Indiana Daily Student

Gingrich and the rhetoric of blame

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When questioned in the FOX-sponsored MLK Day debate by African-American correspondent Juan Williams about his questionable “food stamp president” moniker for Obama and controversial claims about the lazy, misguided youth of the inner cities, Republican presidential contender Newt Gingrich ­— never known to be one for subtlety — addressed Pulitzer prize winner Williams as “Juan” and stood by his racially-charged words.

The South Carolina crowd went wild.

Beneath Gingrich’s unsavory oratory lies obvious indications of racism.
 
In 2011, welfare accounted for 13 percent of total federal spending, as opposed to the 25 percent spent on defense and the 23 percent spent on health care.

Of that, the Supplemental Nutrition Assistance Program, which provides food stamps to individuals and families with income levels below, at or near the poverty line, accounts for only a fraction of welfare spending overall.

With so many more pressing issues such as the war, health care and immigration, why would a Republican frontrunner for president choose to bring up an issue such as food stamps?

We believe that Newt, like so many other politicians before him, knows how to play to the biases and prejudices of the audience he speaks to: in this case, the voters of the heavily right-leaning state of South Carolina.

Political theorist Edmund Burke once wrote, “Men who can unite on nothing else can unite on the basis of a foe shared by all.”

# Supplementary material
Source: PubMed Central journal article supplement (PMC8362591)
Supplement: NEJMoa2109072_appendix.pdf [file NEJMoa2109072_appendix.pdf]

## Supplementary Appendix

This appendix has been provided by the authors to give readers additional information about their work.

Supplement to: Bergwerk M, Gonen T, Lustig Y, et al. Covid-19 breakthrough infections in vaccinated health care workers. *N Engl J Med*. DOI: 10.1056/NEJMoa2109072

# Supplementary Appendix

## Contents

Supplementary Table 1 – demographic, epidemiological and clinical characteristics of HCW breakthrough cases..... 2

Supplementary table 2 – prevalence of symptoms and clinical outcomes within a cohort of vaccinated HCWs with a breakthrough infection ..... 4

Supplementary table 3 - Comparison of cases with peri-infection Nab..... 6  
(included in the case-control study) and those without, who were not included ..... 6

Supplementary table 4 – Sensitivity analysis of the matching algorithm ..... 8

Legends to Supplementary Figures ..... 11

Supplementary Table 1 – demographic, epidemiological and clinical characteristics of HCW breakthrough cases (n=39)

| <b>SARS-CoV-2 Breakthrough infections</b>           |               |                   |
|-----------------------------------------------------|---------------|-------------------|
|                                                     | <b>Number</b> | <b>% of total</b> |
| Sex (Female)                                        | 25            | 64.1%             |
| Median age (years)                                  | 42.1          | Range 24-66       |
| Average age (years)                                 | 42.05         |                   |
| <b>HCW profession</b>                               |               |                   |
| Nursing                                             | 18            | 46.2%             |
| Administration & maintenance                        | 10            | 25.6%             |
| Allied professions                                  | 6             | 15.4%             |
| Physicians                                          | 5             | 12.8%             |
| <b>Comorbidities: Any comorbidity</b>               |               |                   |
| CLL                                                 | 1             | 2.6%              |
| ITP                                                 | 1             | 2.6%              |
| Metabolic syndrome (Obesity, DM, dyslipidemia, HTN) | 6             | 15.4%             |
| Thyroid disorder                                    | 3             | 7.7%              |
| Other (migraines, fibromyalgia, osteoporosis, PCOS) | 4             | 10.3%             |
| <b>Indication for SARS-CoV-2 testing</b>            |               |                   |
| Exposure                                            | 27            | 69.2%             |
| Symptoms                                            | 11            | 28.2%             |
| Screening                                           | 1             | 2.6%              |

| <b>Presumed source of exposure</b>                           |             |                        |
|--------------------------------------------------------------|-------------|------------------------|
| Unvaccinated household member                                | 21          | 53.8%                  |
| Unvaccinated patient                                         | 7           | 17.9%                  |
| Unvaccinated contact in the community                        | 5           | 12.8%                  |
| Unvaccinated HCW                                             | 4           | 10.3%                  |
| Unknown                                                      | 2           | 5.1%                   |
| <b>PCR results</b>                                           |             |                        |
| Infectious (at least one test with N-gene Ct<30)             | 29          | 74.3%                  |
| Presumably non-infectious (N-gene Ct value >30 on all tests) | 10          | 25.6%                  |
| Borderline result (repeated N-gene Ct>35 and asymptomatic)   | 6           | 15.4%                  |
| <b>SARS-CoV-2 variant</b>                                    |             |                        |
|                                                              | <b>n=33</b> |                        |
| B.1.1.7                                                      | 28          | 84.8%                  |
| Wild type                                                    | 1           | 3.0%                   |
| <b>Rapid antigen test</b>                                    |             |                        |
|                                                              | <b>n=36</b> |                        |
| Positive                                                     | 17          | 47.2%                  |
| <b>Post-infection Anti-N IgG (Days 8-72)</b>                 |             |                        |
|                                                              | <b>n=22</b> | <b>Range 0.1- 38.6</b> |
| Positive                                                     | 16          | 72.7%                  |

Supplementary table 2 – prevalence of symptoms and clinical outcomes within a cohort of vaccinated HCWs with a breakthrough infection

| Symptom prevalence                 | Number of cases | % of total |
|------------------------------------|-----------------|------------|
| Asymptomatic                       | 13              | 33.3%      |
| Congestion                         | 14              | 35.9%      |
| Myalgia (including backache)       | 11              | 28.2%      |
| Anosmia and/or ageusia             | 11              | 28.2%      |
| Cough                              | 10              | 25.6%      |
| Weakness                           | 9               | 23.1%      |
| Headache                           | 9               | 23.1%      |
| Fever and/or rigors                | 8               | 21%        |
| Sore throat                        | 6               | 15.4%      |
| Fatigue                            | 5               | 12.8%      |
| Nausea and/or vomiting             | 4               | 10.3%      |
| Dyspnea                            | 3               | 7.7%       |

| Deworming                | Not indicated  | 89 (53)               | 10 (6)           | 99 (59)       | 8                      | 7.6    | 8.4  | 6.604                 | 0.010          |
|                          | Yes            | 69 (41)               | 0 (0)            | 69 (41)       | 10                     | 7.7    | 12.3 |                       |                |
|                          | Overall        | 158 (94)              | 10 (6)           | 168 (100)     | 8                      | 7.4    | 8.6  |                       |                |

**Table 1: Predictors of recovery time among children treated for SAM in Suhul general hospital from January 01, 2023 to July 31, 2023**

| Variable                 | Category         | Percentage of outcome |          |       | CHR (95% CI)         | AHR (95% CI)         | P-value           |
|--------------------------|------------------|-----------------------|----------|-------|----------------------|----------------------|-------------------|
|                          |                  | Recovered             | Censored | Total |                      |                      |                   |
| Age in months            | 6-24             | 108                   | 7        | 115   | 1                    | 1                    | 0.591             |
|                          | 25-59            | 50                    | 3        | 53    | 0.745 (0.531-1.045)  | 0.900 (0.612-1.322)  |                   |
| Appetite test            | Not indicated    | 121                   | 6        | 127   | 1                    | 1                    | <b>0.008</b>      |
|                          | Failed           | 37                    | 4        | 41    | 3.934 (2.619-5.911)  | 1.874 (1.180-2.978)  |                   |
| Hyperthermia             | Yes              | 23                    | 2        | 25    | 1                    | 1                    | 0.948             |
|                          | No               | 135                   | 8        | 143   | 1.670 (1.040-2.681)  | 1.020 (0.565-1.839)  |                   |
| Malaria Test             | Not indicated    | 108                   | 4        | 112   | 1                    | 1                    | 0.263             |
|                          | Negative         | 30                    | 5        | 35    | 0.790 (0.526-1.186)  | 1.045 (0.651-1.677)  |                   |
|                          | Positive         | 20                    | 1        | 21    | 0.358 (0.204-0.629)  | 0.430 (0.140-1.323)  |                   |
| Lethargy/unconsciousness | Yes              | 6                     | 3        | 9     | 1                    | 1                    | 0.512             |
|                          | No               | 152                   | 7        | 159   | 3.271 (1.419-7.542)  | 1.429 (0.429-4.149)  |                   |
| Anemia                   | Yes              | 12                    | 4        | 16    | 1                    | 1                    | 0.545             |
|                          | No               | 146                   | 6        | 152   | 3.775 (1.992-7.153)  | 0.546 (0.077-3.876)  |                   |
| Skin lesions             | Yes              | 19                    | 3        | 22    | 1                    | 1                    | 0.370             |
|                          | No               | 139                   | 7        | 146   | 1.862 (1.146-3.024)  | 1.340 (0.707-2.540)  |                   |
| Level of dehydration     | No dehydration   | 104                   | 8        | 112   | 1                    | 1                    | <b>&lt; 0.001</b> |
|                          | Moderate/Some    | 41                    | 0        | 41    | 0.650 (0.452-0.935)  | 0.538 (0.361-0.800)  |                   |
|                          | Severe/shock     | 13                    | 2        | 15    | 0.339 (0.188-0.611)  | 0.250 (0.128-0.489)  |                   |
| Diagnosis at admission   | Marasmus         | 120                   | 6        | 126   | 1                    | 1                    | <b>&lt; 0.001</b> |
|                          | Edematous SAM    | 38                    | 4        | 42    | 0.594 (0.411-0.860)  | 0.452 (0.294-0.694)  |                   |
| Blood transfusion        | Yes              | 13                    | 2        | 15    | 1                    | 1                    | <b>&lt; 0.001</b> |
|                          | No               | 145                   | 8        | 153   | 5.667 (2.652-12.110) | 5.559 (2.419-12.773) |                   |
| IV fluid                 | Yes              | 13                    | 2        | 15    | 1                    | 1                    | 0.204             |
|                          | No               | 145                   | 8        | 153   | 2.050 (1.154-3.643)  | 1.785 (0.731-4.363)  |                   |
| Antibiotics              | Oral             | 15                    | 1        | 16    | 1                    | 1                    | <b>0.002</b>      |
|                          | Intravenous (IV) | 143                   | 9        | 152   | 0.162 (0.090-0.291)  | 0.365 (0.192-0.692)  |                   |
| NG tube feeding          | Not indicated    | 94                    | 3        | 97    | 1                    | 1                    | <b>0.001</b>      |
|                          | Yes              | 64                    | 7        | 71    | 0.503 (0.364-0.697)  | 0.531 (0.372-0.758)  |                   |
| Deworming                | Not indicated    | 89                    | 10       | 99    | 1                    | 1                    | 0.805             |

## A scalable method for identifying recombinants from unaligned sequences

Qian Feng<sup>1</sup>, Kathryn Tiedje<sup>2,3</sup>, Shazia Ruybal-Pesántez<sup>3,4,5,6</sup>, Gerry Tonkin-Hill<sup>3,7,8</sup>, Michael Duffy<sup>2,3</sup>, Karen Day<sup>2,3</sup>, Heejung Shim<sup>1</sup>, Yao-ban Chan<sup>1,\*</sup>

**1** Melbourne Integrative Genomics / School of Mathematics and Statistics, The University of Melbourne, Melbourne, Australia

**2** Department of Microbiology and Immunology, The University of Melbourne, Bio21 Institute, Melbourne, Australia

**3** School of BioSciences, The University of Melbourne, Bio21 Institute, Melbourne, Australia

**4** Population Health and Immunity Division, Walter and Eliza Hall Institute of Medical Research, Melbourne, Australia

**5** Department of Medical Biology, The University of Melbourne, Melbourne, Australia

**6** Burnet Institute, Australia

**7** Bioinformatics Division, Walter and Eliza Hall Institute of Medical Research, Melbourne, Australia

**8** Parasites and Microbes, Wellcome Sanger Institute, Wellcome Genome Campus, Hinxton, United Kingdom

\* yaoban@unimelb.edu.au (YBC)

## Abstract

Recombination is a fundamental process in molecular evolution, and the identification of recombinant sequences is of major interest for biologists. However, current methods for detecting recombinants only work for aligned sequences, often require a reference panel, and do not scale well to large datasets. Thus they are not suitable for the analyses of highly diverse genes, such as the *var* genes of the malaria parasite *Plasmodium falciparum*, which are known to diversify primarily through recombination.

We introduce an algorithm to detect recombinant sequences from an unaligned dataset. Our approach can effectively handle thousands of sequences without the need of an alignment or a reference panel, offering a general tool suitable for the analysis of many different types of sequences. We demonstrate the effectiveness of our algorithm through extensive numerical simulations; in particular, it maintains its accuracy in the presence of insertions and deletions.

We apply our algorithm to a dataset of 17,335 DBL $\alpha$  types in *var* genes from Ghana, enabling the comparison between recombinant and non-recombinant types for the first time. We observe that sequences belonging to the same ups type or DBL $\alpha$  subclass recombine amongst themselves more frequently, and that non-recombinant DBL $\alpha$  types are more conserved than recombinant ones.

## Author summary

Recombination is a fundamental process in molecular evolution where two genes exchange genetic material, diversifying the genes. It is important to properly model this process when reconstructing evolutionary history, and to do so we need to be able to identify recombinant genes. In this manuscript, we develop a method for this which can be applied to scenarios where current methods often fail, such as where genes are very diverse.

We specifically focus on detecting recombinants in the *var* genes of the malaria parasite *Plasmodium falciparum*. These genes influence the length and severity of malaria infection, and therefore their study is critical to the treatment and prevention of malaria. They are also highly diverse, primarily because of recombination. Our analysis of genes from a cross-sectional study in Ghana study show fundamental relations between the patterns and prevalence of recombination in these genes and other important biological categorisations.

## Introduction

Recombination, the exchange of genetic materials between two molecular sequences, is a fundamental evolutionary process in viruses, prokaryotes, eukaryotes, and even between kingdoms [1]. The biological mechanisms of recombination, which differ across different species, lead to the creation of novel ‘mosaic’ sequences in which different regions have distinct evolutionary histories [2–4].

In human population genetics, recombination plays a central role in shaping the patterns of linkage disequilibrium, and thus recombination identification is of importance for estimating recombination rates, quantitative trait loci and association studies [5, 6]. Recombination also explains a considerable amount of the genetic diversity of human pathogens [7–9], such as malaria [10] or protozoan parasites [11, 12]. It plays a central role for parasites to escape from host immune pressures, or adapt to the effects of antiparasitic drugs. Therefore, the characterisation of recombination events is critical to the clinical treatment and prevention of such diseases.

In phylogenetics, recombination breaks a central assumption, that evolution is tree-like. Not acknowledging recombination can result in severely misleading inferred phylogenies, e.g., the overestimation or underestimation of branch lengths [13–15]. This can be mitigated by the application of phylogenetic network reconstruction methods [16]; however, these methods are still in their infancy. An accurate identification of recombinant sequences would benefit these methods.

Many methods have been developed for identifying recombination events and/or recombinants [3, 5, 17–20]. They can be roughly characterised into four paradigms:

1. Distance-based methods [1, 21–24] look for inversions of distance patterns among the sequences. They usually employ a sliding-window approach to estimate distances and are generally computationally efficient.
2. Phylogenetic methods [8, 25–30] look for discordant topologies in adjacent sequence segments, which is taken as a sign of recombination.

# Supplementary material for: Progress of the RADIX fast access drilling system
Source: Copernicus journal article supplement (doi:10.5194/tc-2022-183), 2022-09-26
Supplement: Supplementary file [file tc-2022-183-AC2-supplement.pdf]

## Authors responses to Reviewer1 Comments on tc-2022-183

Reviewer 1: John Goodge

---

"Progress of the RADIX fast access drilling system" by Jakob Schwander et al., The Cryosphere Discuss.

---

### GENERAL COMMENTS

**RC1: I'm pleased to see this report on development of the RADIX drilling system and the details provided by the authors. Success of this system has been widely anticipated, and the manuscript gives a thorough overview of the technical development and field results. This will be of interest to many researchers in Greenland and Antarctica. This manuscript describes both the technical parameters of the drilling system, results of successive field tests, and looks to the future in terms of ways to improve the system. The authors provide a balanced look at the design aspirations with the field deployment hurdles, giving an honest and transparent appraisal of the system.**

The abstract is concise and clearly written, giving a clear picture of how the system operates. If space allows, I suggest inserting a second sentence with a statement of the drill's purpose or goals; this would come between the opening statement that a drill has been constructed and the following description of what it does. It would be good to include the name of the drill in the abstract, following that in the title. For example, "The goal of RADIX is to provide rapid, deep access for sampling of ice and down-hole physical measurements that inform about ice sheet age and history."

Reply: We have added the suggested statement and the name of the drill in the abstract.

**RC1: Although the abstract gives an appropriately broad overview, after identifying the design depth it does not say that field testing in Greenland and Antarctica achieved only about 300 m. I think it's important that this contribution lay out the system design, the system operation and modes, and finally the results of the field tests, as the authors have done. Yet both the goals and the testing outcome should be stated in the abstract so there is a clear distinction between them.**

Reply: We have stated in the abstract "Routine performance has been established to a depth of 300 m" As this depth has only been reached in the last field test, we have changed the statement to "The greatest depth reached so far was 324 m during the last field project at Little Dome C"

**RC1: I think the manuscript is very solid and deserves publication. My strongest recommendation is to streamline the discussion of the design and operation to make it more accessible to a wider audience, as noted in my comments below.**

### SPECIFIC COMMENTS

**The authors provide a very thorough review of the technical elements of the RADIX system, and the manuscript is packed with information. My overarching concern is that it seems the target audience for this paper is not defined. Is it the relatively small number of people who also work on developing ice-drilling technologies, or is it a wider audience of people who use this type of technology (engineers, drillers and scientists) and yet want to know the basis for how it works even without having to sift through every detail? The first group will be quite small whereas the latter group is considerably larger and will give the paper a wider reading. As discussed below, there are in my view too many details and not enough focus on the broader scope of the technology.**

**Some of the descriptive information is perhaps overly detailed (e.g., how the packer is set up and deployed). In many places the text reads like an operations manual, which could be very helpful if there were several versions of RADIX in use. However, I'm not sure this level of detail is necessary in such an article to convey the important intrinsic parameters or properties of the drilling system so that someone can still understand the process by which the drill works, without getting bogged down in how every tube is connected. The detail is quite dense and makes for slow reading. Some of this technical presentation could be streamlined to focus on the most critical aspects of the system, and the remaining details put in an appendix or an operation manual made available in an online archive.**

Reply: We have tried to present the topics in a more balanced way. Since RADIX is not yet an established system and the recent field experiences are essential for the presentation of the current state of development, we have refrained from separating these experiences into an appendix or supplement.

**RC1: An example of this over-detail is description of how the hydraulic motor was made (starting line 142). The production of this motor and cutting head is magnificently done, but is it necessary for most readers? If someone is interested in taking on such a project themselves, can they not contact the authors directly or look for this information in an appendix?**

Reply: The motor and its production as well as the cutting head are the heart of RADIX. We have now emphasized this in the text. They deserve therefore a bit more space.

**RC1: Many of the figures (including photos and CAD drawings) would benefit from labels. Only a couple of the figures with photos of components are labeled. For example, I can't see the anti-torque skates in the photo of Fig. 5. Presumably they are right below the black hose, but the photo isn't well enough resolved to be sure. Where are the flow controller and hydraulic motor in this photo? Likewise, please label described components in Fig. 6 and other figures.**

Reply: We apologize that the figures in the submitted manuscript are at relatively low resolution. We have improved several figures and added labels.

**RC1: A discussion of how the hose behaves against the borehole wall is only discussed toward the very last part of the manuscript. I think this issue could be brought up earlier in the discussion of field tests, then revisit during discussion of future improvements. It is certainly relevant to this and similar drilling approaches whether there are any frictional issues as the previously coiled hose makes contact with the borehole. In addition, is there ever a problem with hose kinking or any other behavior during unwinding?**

Newt uses those on food stamps and those growing up in the inner city, much like Reagan used the hyperbole of the nameless “welfare queen” from Chicago’s South Side, as a symbol to unite his audience against a common enemy: often a racial minority, perceived as lazy and invariably poor.

We believe, in addition to Newt’s rhetoric being racist, it is also irresponsible.

It plays to the commonly held American belief that if you are poor, you are lazy and misguided, but if you are rich, you are shrewd and hardworking.

Never mind the privileges, advantages, talent and luck that play a role in the shaping of a financially successful individual and the enormous barriers that often separate those less fortunate from living out their dreams.

There are indeed intelligent, ambitious, rich Americans who have worked their way up and made comfortable lives for themselves.

But there are also those who cannot achieve all they want to, based on what neighborhood they grew up in, what school they went to or what language or dialect they grew up speaking.

The factors that determine whether a person will be rich or poor are vast.

The rhetoric utilized by Gingrich, whether blatantly or covertly, blames the poor for the country’s problems, paints a dangerously simplistic view of class in America and fails to acknowledge more pertinent issues.

We think that if Newt hopes to gain the Republican nomination and extend his successes beyond the Deep South, he should leave his outdated rhetorical strategies to the Reagan era and instead focus on the real problems facing the country.

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